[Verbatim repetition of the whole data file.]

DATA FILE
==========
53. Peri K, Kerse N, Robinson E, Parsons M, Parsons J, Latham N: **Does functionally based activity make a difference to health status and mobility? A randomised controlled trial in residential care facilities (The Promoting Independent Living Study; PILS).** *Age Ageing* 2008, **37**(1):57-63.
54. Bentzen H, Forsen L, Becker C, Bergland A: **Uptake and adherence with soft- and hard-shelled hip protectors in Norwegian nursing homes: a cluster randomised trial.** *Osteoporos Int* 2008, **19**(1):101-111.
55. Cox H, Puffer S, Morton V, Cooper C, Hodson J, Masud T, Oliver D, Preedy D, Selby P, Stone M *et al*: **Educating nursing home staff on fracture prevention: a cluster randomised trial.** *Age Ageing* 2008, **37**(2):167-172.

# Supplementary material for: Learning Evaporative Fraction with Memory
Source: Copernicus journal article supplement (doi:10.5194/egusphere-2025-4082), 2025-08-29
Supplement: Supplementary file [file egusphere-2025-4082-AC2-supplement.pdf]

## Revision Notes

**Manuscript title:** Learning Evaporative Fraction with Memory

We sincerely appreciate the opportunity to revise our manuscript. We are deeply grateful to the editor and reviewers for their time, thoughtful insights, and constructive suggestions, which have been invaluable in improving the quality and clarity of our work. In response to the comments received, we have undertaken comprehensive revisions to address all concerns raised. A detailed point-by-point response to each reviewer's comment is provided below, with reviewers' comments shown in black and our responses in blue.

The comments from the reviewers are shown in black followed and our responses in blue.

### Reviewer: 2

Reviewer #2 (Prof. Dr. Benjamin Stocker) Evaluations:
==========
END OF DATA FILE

53. Peri K, Kerse N, Robinson E, Parsons M, Parsons J, Latham N: **Does functionally based activity make a difference to health status and mobility? A randomised controlled trial in residential care facilities (The Promoting Independent Living Study; PILS).** *Age Ageing* 2008, **37**(1):57-63.
54. Bentzen H, Forsen L, Becker C, Bergland A: **Uptake and adherence with soft- and hard-shelled hip protectors in Norwegian nursing homes: a cluster randomised trial.** *Osteoporos Int* 2008, **19**(1):101-111.
55. Cox H, Puffer S, Morton V, Cooper C, Hodson J, Masud T, Oliver D, Preedy D, Selby P, Stone M *et al*: **Educating nursing home staff on fracture prevention: a cluster randomised trial.** *Age Ageing* 2008, **37**(2):167-172.

# Supplementary material for: Learning Evaporative Fraction with Memory
Source: Copernicus journal article supplement (doi:10.5194/egusphere-2025-4082), 2025-08-29
Supplement: Supplementary file [file egusphere-2025-4082-AC2-supplement.pdf]

## Revision Notes

**Manuscript title:** Learning Evaporative Fraction with Memory

We sincerely appreciate the opportunity to revise our manuscript. We are deeply grateful to the editor and reviewers for their time, thoughtful insights, and constructive suggestions, which have been invaluable in improving the quality and clarity of our work. In response to the comments received, we have undertaken comprehensive revisions to address all concerns raised. A detailed point-by-point response to each reviewer's comment is provided below, with reviewers' comments shown in black and our responses in blue.

The comments from the reviewers are shown in black followed and our responses in blue.

### Reviewer: 2

Reviewer #2 (Prof. Dr. Benjamin Stocker) Evaluations: